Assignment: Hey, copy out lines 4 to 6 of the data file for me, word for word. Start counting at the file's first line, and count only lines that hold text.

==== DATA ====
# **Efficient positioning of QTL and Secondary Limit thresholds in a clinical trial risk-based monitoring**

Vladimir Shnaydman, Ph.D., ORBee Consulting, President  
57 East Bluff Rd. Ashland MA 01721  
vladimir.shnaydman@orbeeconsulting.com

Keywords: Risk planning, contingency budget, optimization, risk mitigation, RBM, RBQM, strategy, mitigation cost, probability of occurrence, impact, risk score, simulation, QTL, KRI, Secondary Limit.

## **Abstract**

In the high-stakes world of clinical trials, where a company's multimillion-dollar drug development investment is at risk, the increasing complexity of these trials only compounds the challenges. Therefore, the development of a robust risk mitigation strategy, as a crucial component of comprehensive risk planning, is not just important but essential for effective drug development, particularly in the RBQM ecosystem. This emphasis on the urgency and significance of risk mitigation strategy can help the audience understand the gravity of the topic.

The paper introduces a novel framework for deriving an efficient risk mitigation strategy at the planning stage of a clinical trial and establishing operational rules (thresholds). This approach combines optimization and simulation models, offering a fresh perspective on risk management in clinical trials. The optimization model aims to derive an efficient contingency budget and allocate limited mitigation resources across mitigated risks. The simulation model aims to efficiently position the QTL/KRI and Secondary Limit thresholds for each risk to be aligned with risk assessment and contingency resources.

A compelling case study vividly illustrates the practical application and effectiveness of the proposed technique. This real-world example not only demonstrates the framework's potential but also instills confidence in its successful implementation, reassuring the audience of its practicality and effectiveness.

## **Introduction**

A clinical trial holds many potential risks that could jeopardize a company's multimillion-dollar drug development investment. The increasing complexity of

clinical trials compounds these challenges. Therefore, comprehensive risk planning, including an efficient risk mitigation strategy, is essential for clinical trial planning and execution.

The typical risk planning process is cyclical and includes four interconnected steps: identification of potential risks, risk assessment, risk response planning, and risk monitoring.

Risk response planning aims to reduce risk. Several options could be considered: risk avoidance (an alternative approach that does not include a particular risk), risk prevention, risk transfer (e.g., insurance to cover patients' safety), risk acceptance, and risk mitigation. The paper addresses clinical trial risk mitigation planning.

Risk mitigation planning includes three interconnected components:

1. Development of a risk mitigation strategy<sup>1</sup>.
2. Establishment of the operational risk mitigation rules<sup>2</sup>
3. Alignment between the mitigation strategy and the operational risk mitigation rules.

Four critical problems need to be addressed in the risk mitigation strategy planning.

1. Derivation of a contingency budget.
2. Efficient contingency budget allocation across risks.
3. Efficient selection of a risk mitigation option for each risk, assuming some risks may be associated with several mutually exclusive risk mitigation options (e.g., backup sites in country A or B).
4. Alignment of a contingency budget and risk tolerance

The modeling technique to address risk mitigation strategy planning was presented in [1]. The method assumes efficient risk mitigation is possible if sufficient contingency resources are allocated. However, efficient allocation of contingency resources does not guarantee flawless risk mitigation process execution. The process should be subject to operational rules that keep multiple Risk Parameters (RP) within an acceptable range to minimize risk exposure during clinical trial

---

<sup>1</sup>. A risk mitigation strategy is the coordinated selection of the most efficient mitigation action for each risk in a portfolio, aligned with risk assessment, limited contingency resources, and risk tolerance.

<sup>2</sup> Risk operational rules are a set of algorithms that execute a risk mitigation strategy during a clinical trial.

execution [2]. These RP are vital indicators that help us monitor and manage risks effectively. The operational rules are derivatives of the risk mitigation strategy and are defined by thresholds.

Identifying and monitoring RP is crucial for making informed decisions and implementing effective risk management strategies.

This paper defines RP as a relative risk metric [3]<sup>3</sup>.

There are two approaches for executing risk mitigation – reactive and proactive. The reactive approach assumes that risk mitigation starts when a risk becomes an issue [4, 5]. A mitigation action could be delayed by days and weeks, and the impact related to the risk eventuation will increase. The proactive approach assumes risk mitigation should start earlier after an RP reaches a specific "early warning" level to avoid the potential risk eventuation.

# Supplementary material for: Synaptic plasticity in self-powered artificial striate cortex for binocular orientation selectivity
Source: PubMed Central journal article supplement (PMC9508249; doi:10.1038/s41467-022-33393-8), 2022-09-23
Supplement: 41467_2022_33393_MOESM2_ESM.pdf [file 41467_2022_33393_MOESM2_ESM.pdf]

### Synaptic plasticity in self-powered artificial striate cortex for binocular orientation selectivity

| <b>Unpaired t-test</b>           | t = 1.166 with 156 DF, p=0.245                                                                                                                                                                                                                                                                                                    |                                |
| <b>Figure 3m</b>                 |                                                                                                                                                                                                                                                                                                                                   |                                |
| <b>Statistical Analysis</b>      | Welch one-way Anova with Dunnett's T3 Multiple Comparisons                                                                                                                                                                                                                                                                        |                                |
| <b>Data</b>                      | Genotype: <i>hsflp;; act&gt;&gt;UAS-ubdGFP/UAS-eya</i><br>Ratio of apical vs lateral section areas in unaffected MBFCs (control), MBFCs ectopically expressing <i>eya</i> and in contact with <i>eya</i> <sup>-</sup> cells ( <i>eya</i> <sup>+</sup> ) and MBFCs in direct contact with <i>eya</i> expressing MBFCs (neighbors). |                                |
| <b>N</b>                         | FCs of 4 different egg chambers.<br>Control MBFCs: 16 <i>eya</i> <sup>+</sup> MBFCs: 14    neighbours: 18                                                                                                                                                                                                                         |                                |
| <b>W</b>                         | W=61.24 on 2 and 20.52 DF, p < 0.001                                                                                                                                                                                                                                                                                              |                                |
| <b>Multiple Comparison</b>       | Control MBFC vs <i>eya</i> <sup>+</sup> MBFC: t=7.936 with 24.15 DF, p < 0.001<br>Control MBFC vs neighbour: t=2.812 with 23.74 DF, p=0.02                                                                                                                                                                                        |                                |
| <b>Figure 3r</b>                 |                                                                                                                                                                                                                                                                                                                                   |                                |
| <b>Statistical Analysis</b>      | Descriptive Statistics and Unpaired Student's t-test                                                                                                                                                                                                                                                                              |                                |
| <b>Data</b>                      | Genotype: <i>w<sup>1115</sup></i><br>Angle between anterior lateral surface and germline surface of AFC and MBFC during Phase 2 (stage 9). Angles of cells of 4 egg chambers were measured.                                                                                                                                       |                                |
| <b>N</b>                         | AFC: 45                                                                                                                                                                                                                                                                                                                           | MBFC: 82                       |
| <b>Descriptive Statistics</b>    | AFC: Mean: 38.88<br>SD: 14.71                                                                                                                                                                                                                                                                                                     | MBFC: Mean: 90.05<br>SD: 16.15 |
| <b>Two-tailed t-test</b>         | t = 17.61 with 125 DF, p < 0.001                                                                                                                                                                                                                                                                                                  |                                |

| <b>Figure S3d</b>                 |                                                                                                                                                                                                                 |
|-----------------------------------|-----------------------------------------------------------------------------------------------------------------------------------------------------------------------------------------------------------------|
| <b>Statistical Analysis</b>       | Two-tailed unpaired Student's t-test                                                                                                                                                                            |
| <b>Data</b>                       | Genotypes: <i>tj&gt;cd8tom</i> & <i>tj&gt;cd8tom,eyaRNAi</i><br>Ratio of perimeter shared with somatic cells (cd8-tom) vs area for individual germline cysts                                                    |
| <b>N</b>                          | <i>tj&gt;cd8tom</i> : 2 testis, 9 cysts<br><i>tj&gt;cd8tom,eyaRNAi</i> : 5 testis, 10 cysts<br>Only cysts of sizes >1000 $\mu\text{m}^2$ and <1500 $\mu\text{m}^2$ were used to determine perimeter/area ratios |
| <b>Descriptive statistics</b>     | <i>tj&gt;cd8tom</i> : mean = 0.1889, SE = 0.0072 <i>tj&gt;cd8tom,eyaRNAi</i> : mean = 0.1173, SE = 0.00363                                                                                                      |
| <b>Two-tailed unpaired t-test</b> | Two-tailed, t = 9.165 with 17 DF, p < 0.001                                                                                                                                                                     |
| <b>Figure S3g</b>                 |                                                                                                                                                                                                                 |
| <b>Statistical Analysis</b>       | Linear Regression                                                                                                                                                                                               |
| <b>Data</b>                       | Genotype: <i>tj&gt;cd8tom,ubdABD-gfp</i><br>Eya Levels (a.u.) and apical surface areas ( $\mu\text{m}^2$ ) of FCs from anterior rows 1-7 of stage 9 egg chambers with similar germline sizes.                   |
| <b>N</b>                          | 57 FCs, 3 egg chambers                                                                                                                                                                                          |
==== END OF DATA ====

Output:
vladimir.shnaydman@orbeeconsulting.com

Keywords: Risk planning, contingency budget, optimization, risk mitigation, RBM, RBQM, strategy, mitigation cost, probability of occurrence, impact, risk score, simulation, QTL, KRI, Secondary Limit.

## **Abstract**